Twenty-five years ago, I would listen to Tupac on my Walkman (mostly to and from school). He had such an impact on black culture that some people still refuse to believe he is dead. A brilliant lyricist, he often strayed into a form of politics that formed a bridge between the 1970’s black power era to the 1990’s hip hop generation. Earlier this week, MTV dusted off and posted a clip of Tupac from its archives. The network noted that he name-dropped Donald Trump as an example of the worst type of American greed. But he also talked poverty and race. As a young progressive, I likely agreed with much of what he had to say at the time.
Today, perhaps because I’m older, I listen to less music. But I am still happy when Tupac comes up in the shuffle on my iPhone. I spend far more time listening podcasts featuring politicos and policy wonks. The ones that I agree with say the exact same things Tupac said—only in a different language. They talk about Trump and the Emoluments Clause, wealth redistribution, a progressive tax code, faith-based values, dog whistle politics, the demonization of the poor, a strong role for the federal government in addressing economic inequality and racial disparities, and reparations.
Watching that flashback of Tupac reminded me of my first language and highlighted just how much I have become immersed in a second. In my new spaces, there have been ongoing questions about why a progressive message is failing to connect with too many Americans. I listened in on one of these conversations just before I listened to Tupac. As a result, three things came to mind:
1) Shared Values, Multiple Tongues. Many Americans share progressive values. But not everyone in that group speaks the same language. There are variations according to region of the country, income level, race, faith-based traditions, and other factors. Translation is relatively easier challenge to overcome than fundamental differences.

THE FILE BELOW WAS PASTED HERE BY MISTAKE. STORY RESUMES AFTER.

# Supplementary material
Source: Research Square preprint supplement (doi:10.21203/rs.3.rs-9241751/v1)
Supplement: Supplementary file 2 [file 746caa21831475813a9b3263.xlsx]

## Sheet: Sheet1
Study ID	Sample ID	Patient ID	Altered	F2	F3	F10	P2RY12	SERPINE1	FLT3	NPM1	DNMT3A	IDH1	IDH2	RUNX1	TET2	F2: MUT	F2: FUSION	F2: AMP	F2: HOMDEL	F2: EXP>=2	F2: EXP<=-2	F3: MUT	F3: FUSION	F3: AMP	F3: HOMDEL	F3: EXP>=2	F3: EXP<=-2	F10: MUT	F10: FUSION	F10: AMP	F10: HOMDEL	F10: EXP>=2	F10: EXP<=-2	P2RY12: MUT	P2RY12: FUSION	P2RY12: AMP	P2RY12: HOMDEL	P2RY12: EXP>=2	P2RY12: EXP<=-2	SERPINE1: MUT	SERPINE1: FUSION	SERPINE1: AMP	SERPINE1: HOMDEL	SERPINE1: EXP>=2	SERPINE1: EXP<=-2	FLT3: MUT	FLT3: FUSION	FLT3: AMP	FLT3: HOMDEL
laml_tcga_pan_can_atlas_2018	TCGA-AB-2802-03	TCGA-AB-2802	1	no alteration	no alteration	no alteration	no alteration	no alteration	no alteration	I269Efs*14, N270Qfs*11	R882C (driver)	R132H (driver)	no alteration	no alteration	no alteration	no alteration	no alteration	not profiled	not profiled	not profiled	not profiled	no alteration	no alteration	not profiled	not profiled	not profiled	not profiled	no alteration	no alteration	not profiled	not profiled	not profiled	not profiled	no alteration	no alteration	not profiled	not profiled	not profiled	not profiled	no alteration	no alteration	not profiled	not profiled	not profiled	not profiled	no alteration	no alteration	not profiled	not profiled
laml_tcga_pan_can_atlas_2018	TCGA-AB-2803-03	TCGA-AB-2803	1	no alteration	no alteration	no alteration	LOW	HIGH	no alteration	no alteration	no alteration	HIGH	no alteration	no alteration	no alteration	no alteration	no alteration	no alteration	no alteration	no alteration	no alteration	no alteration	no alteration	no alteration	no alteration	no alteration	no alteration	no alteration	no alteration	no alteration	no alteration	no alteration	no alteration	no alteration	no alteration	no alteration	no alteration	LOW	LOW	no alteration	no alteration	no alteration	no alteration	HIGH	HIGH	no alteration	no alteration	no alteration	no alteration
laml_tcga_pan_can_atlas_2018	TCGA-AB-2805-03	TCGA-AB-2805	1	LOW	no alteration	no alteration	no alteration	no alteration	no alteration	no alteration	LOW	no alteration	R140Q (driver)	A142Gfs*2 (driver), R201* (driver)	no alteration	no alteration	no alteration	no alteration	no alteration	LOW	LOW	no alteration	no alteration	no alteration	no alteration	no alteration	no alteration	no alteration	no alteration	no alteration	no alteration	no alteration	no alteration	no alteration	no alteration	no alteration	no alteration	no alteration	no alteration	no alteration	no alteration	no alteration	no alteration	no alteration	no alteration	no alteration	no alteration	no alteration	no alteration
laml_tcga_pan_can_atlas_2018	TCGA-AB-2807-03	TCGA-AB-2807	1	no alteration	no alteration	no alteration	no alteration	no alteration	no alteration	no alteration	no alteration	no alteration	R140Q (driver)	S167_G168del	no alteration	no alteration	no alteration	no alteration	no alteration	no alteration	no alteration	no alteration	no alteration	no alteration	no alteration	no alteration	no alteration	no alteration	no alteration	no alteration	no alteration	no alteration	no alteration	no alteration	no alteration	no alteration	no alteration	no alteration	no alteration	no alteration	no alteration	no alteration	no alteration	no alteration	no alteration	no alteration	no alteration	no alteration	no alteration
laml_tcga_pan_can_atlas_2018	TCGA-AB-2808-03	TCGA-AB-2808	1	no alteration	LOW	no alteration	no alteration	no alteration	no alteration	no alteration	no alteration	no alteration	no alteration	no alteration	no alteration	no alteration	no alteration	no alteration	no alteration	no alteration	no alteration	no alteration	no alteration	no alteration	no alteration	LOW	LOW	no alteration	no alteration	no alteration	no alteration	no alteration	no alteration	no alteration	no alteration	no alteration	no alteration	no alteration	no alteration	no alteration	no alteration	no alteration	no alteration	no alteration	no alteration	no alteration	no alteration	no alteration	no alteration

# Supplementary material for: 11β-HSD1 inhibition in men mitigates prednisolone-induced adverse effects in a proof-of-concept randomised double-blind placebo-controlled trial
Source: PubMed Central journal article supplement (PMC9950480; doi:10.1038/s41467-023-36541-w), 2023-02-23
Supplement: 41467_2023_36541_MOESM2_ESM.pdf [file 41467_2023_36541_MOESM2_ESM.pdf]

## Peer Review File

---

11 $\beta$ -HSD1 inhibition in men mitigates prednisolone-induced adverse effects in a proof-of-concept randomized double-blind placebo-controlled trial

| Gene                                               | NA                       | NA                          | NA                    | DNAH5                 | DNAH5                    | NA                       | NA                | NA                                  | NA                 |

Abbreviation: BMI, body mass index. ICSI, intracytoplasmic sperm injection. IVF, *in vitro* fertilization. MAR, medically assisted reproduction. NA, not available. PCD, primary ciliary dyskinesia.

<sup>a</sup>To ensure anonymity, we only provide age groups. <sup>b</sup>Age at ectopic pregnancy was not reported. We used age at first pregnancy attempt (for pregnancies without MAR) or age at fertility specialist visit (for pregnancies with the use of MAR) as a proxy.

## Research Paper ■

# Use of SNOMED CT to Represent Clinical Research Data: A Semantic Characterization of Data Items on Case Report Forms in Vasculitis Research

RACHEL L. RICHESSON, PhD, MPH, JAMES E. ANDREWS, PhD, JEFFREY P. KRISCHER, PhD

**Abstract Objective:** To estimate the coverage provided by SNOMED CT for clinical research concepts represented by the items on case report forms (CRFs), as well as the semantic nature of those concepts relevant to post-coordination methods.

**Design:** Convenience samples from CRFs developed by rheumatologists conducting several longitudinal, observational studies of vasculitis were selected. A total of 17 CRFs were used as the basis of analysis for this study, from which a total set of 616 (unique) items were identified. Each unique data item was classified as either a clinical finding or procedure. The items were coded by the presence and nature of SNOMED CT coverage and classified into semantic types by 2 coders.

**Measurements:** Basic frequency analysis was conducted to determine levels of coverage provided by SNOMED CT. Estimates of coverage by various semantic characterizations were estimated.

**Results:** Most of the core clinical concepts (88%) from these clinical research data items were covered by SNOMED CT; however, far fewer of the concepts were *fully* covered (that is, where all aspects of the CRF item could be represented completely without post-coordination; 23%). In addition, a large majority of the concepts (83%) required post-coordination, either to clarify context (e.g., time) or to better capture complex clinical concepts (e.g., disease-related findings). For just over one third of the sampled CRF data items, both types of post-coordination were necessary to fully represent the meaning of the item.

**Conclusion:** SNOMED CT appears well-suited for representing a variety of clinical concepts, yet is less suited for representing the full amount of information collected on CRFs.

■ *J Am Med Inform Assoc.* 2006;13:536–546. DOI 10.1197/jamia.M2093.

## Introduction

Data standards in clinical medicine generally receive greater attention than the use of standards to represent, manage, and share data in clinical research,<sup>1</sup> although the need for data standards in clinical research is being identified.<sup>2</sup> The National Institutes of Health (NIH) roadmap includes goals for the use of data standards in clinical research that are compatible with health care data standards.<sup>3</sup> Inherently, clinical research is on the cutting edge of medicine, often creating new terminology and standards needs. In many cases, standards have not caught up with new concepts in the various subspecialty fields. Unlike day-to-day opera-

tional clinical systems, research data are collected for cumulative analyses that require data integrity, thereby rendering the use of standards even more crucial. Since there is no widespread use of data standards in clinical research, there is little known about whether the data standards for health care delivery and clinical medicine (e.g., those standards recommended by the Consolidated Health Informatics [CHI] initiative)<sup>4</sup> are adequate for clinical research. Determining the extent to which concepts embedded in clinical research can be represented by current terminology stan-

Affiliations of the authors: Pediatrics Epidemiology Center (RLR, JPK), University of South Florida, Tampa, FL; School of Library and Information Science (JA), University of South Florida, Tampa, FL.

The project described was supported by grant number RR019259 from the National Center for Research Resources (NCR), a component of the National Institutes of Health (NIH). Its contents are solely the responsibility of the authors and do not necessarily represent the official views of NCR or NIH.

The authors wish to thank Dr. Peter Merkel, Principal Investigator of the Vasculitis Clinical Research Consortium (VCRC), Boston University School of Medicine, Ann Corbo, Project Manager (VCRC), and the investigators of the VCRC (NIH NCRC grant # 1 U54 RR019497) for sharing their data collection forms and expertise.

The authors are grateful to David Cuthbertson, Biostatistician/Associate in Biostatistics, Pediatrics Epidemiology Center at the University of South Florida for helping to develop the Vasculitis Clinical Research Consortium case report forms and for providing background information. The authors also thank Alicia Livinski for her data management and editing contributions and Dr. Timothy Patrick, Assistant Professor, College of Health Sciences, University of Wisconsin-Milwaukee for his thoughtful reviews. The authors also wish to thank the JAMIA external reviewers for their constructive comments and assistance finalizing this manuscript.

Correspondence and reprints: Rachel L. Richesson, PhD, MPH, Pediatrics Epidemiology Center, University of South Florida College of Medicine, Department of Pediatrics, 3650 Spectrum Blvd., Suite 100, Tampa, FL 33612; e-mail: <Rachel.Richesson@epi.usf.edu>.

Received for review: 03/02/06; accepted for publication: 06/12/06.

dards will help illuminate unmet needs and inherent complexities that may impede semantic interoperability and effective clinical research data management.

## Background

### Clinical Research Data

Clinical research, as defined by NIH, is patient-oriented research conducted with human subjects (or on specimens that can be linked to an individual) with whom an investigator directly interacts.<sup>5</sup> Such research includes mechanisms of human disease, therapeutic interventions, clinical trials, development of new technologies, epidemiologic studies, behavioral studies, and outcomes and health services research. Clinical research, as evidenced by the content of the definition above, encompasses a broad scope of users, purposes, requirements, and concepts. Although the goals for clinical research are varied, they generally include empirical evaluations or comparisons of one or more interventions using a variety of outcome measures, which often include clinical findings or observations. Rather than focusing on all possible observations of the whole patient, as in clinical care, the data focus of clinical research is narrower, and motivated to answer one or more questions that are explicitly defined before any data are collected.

2) Simplicity. I must admit that I love wonk talk. However, it is not appropriate for every space. Simplicity has the ability to break down barriers. It is the closest thing we have to a shared tongue. Simplicity is not the same as talking down to people but finding commonality—it’s important to know the difference. Being able to reduce complex concepts into simple terms is a sign of intelligence. While the ability to convert simple concepts into complex language can just be annoying and unnecessary.
3) Integrate. Americans are growingly segregated. Racial segregation has always been (and continues to be) an issue. But in recent years, researchers like Robert Putnam (Our Kids: The American Dream in Crisis) have been highlighting drastic increases in class segregation. Evolutions in media have allowed Americans to self-segregate according to multiple individual characteristics and interests. Integration, in various forms, will benefit efforts to communicate around progressive values.
(Originally Posted on Medium.com on April 24, 2017)